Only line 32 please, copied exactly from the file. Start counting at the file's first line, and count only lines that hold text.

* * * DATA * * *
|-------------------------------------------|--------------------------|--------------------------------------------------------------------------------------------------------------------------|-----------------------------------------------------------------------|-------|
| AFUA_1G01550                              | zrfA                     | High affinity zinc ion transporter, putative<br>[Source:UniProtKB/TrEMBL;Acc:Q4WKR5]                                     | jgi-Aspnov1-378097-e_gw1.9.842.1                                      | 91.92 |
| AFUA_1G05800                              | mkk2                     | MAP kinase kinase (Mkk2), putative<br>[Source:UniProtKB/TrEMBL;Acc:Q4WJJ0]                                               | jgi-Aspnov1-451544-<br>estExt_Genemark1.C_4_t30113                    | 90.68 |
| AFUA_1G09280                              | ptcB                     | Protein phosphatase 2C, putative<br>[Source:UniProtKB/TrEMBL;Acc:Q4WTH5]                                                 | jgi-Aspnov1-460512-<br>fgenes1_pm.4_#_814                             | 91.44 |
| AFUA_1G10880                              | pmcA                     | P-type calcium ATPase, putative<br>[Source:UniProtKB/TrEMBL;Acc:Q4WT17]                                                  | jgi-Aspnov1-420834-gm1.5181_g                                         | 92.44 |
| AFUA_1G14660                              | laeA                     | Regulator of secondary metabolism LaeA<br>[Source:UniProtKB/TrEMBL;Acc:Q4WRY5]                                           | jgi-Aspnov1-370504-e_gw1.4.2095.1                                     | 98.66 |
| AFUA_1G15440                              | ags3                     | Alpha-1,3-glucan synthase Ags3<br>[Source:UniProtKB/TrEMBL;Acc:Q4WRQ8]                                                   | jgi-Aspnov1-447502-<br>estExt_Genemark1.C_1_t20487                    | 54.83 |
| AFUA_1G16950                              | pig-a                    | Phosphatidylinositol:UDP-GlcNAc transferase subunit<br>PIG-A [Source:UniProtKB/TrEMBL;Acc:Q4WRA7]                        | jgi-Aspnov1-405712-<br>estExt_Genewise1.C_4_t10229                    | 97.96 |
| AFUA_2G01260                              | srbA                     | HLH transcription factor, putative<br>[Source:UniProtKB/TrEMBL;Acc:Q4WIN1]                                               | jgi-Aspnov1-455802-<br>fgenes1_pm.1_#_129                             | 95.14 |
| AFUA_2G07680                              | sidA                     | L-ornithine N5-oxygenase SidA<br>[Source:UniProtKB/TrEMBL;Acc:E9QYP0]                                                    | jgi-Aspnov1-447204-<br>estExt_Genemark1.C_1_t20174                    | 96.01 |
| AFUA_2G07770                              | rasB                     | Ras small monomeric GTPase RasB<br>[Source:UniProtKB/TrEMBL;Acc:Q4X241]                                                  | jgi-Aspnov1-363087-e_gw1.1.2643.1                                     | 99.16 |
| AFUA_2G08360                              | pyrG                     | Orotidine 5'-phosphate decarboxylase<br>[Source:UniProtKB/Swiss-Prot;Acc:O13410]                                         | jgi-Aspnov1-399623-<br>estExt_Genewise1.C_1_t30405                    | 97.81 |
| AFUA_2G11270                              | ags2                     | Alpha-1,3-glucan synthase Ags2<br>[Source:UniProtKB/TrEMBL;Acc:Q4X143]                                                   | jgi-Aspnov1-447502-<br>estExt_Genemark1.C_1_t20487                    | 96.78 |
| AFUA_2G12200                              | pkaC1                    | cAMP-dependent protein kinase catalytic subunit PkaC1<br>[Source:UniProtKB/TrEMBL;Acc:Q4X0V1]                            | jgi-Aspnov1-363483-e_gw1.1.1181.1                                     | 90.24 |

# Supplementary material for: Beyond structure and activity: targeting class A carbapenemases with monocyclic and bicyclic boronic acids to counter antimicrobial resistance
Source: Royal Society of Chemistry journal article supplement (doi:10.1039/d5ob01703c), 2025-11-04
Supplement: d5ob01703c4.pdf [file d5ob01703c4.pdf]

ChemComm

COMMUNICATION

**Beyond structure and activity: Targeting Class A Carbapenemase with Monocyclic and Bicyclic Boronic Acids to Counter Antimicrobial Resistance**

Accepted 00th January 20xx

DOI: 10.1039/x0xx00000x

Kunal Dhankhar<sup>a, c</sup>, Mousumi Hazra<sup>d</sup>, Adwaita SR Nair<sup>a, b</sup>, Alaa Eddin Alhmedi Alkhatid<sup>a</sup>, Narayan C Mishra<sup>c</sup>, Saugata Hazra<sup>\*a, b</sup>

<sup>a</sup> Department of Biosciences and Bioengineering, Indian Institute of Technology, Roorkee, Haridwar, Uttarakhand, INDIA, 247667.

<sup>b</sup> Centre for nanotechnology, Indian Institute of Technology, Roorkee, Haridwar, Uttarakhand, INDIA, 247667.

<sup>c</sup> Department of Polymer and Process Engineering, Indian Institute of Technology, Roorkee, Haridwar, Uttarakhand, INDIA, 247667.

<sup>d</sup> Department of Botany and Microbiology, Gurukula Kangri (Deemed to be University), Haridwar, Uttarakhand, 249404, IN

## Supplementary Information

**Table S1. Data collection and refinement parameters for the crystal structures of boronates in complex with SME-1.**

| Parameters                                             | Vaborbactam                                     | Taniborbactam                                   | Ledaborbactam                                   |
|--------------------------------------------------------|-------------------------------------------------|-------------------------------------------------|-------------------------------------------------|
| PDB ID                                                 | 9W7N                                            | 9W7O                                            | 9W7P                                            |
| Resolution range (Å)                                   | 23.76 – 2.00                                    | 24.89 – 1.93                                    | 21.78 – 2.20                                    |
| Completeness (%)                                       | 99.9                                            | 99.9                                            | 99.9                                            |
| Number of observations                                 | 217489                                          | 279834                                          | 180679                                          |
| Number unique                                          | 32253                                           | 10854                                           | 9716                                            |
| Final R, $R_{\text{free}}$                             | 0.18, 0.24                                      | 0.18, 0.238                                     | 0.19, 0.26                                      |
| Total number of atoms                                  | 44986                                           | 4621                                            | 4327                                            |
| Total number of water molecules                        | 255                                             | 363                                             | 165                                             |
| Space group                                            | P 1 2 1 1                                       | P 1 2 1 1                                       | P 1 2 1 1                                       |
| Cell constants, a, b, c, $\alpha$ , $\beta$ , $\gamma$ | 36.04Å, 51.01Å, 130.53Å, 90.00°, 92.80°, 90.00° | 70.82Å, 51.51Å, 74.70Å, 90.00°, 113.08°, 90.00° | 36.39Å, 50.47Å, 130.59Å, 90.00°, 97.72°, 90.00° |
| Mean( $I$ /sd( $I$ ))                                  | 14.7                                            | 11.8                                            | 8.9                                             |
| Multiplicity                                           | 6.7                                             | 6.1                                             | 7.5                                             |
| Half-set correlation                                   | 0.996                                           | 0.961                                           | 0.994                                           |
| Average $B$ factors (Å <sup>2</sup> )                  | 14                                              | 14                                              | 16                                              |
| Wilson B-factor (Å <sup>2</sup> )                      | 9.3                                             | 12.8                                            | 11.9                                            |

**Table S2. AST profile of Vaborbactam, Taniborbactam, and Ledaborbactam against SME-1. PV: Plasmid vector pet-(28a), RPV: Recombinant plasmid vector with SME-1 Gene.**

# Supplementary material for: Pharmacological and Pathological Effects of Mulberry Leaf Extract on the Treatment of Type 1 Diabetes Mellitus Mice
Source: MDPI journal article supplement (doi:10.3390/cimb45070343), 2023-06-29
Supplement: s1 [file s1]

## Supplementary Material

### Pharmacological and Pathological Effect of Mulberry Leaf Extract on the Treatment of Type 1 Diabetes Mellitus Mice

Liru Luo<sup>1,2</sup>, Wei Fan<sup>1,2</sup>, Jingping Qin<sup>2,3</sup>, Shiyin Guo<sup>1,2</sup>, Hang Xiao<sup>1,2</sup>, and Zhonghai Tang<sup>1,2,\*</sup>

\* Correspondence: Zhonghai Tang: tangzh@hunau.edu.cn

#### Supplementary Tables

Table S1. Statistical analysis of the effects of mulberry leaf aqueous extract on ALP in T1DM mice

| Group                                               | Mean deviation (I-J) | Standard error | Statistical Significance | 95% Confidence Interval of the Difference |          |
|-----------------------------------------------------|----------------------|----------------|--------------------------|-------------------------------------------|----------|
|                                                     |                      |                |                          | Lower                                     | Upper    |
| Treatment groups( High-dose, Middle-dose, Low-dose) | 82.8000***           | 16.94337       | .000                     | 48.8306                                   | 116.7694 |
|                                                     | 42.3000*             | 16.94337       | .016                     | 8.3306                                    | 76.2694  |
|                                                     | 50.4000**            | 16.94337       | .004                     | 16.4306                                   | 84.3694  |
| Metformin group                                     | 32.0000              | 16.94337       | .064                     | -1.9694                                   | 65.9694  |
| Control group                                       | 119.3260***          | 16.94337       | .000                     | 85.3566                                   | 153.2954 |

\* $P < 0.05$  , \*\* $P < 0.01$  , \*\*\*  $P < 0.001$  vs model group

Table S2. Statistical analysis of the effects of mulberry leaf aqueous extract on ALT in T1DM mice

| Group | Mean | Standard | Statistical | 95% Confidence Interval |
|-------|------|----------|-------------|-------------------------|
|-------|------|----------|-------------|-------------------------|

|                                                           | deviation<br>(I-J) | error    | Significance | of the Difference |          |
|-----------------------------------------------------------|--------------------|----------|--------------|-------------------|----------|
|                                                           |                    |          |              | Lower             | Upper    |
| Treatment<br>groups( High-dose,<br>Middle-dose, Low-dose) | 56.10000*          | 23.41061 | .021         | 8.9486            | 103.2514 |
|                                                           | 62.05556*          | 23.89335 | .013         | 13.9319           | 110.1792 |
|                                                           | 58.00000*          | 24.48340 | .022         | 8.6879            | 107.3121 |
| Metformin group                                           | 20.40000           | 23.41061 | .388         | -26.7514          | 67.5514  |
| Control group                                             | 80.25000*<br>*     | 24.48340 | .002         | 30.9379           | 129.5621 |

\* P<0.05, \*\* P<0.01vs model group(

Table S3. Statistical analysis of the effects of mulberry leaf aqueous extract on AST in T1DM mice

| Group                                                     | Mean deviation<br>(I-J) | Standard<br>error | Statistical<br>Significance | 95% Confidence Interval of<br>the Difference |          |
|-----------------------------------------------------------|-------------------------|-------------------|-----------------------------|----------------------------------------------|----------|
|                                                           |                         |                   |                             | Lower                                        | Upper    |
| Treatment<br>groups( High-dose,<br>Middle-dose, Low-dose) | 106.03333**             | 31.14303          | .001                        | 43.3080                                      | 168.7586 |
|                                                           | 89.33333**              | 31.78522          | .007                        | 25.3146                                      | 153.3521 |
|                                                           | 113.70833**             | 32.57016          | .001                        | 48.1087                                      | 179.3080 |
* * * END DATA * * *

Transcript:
| PDB ID                                                 | 9W7N                                            | 9W7O                                            | 9W7P                                            |